Chinese Speculators Driving Up the Price of Pu'er

ZHI, July 11, 2008]

FIRST it was property, then the stock exchange. Now, the rare tea Pu-erh is at the center of the latest market bubble in China, and it looks set to burst.

Like fine wine and malt whiskey, fermented Pu'er tea improves with age. While a cake of two-year-old Ye Sheng Gucha tea sells for around $30US, the 13-year-old fetches $200US. With prices rising by as much as 50 per cent per year, Pu'er is perceived as a far better cellaring option than Bordeaux wine.

The fermented tea from south-western Yunnan province is famed for its rich flavor and medicinal qualities of lowering cholesterol and preventing cancer. It is also said to help in losing weight. (I'll tell ya, it certainly cuts my sugar cravings).

"The price changes have been really serious," said Hua Meiling who runs a tea-shop on Shanghai's Taikang road. "People have been talking about it like the stock market." This speculation has also spawned imitations.

Investors in Hong Kong and neighboring Guangdong province first started buying the tea speculatively in 2003, purchasing large stocks to tighten supply. Recently, 500g of a 64-year-old Pu'er tea sold at auction for $120,000US.

According to shop owners, prices for two-year-old Pu'er tea sold in Shanghai increased by about 20 per cent last year. But in Beijing, some varieties of Pu'er have doubled in price over the last two years. And in Guangdong, the price of big brand Pu'er reached a peak in May at 20 times higher than last year's price.

But now interest is coming from abroad. Baffled Shanghai tea sellers report strings of Taiwanese customers buying up their stock of what they call "bargain-priced" Pu'er.

And since Victoria Beckham revealed that drinking Pu'er is one of her "slimming secrets", several UK importers have also got in on the game. One web-based retailer, Eternal Spring, emphasizes the tea's investment potential, offering to buy back any unused tea at a return of 10 per cent a year.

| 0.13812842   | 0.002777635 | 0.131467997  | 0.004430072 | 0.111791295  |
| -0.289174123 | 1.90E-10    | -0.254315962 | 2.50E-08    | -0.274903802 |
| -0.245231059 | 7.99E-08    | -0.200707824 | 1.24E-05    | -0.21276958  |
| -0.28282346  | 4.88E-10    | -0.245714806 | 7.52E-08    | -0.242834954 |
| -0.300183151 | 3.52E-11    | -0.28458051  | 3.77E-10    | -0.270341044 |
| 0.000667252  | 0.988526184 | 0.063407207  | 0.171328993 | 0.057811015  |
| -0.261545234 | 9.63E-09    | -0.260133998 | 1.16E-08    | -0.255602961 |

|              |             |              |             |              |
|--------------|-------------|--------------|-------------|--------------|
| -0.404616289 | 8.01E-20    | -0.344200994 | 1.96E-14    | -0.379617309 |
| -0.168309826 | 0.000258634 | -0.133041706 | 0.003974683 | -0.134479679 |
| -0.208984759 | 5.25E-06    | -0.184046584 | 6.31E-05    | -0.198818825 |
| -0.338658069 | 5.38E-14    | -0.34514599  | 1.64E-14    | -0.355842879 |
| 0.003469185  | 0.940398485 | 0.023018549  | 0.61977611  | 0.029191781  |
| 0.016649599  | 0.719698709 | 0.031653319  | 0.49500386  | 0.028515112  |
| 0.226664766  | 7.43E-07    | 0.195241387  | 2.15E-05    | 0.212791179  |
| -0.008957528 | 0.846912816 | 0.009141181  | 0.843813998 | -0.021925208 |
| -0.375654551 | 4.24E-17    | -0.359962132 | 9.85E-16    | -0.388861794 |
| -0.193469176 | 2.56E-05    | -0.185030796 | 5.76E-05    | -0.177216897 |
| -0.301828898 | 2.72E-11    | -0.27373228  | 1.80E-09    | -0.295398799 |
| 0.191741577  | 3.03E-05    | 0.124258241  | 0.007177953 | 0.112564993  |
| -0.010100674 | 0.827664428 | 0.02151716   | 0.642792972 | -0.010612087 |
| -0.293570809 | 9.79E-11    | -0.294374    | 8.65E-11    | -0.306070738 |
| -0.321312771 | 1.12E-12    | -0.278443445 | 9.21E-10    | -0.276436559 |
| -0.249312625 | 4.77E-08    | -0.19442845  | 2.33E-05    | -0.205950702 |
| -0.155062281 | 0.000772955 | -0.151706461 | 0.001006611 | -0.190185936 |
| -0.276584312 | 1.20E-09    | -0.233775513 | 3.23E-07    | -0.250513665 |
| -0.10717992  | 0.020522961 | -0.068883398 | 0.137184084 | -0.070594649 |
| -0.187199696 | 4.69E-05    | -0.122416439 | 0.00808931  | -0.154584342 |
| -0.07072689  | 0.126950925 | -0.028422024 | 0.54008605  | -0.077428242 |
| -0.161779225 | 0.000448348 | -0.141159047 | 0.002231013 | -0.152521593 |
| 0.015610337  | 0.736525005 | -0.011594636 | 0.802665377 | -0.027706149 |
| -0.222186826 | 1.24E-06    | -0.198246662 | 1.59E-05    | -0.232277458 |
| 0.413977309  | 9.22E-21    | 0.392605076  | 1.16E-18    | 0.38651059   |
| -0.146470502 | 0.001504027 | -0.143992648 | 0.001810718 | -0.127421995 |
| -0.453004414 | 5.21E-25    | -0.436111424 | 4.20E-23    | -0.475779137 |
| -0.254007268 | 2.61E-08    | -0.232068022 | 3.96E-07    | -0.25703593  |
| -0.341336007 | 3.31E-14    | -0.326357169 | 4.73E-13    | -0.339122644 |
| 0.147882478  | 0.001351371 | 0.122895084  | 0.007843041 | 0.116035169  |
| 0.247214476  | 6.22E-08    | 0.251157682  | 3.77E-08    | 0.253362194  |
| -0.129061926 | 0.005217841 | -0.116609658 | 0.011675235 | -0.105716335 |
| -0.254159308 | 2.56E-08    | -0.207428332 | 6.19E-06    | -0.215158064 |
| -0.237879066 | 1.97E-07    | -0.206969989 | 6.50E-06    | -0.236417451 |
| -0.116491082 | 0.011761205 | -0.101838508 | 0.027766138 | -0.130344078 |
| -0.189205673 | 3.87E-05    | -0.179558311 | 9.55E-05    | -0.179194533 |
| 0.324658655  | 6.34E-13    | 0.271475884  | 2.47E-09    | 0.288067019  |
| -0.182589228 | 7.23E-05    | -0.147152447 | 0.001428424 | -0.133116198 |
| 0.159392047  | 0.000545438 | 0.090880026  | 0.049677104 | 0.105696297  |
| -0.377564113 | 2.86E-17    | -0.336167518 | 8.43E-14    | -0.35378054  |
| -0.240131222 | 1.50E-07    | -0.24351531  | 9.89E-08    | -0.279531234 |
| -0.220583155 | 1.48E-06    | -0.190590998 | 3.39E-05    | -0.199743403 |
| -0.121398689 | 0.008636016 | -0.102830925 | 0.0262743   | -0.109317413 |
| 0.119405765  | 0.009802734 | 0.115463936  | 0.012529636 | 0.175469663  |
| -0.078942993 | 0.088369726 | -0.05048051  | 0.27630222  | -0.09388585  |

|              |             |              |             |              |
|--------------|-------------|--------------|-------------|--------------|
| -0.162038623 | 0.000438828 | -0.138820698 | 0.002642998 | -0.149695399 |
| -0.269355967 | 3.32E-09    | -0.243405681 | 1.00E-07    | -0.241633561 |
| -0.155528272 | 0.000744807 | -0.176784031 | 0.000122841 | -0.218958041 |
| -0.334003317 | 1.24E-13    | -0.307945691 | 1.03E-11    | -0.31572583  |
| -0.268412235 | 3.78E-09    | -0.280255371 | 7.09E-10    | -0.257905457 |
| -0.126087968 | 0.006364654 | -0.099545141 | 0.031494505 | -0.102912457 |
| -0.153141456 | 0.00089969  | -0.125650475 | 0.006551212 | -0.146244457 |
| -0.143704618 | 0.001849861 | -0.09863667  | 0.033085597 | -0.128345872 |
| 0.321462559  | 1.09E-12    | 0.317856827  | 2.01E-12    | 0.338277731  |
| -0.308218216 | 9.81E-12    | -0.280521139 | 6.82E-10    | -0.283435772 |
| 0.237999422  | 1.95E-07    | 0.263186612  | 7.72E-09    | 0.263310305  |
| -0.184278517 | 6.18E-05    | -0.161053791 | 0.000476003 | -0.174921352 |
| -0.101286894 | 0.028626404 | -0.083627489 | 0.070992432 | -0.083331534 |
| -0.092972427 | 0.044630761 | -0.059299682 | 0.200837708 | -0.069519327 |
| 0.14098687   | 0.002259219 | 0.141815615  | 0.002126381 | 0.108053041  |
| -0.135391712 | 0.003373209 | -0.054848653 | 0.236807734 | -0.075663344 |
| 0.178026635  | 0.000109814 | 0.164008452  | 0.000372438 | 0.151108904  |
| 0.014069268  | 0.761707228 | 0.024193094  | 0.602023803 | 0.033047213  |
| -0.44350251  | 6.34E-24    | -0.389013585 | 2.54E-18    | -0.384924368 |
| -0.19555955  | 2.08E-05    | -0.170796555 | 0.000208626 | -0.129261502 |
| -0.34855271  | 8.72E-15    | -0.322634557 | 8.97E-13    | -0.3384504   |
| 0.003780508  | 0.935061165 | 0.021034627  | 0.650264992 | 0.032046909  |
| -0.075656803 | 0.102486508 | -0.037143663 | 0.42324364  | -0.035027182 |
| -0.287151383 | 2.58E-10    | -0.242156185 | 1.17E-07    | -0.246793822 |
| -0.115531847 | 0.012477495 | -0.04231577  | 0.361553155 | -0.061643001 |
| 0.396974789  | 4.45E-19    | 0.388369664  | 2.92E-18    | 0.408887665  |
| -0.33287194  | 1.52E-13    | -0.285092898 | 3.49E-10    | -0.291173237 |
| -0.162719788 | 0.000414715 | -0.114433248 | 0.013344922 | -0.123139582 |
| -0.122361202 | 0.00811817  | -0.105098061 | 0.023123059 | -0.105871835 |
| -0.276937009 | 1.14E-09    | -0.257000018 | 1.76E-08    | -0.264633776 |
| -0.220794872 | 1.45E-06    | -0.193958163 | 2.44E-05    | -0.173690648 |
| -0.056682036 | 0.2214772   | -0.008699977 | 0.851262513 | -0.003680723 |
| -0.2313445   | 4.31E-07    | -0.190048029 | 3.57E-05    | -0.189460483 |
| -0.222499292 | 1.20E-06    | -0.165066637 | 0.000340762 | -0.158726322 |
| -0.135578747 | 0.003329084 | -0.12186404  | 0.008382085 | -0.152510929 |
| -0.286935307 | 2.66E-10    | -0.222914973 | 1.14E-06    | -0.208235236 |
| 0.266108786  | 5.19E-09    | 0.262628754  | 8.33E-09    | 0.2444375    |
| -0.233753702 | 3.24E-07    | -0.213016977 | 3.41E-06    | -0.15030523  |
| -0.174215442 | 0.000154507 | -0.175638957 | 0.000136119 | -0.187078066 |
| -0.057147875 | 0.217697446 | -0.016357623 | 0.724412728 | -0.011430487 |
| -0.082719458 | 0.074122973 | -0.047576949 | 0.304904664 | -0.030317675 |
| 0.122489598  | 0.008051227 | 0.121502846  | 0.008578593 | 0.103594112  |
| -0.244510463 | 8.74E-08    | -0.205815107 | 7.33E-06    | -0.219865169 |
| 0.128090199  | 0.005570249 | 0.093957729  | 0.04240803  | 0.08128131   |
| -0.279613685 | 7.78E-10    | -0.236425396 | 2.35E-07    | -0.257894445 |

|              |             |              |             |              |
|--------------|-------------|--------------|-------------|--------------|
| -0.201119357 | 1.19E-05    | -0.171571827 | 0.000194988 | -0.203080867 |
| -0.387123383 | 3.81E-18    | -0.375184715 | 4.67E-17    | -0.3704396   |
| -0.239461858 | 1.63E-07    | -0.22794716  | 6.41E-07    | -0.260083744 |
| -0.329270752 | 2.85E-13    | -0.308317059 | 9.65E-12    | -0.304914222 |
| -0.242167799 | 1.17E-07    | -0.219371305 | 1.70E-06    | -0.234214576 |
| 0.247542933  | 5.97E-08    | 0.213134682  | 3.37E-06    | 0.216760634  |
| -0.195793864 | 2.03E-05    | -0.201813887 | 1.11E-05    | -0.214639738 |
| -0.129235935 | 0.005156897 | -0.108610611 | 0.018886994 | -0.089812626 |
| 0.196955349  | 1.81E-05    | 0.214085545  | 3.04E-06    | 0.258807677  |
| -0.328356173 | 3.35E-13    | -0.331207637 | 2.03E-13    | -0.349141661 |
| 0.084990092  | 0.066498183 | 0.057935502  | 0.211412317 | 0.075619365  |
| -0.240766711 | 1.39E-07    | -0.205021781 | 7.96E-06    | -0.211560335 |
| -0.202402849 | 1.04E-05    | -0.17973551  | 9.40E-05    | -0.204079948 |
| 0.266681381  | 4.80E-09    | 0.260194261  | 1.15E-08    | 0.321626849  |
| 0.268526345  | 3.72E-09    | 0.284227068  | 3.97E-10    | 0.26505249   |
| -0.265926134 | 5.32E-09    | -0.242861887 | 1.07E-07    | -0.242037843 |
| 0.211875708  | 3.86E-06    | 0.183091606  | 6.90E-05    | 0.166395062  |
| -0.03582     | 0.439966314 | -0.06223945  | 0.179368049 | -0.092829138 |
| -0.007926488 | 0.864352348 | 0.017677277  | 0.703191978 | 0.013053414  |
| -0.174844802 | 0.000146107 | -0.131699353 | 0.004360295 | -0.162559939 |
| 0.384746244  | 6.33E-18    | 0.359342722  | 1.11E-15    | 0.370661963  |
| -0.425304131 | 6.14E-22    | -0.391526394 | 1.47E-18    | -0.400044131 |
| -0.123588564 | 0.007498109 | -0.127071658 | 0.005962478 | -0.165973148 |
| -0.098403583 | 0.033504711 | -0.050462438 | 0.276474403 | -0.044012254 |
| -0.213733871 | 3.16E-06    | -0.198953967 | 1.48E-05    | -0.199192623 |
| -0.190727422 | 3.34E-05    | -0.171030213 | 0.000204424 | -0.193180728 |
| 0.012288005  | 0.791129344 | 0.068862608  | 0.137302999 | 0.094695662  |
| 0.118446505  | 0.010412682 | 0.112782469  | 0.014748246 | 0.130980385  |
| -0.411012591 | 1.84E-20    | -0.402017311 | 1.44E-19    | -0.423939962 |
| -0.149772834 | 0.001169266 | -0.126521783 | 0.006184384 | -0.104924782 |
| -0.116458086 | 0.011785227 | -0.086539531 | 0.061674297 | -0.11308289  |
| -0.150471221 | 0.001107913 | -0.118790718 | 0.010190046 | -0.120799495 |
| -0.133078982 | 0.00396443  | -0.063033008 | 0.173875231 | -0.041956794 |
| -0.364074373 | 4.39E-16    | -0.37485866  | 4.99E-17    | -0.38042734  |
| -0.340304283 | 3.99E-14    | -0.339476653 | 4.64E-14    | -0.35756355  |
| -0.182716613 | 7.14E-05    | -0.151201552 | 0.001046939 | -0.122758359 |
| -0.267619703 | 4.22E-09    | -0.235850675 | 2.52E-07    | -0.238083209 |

But it has not just been increasing demand that has sent prices rocketing. Last month, supply was knocked after an earthquake measuring 6.4 on the Richter scale caused £125 million damage in the Pu'er region, much of which was to its tea factories. Prices of Pu'er on Beijing's Maliandao Tea Market went up between 30 to 50 per cent on the news.

Most analysts agree that the main reason behind the astronomic rises since 2003 is speculation. "The price of Pu'er tea has risen too far from its actual value as a result of hype from business and investors," Yang Sizhong, a professor at Yunnan University, told the China Daily.

The Shanghai stock index, which has more than tripled in two years, underwent a sharp correction at the end of May after the central government tripled the tax on shares transactions. And apart from a blip after the earthquake, prices of Pu'er tea have since then been dropping.

THE earliest records of Pu'er tea date back to the Tang Dynasty (618-906).

Because it took weeks to transport the tea leaves to be processed, they would begin to ferment in the humidity and release a strong, fragrant aroma. A special technique of tea fermenting developed, and Pu'er was thus created.

The leaves are collected from growers of a broad-leaf tea tree. They go through two types of fermentation, which gives the tea its unique characteristics; a mild but distinctively earthy flavor. Pu'er requires at least ten years to mature and gets better with age. Pu'er teas are much lower in tannins than other varieties.

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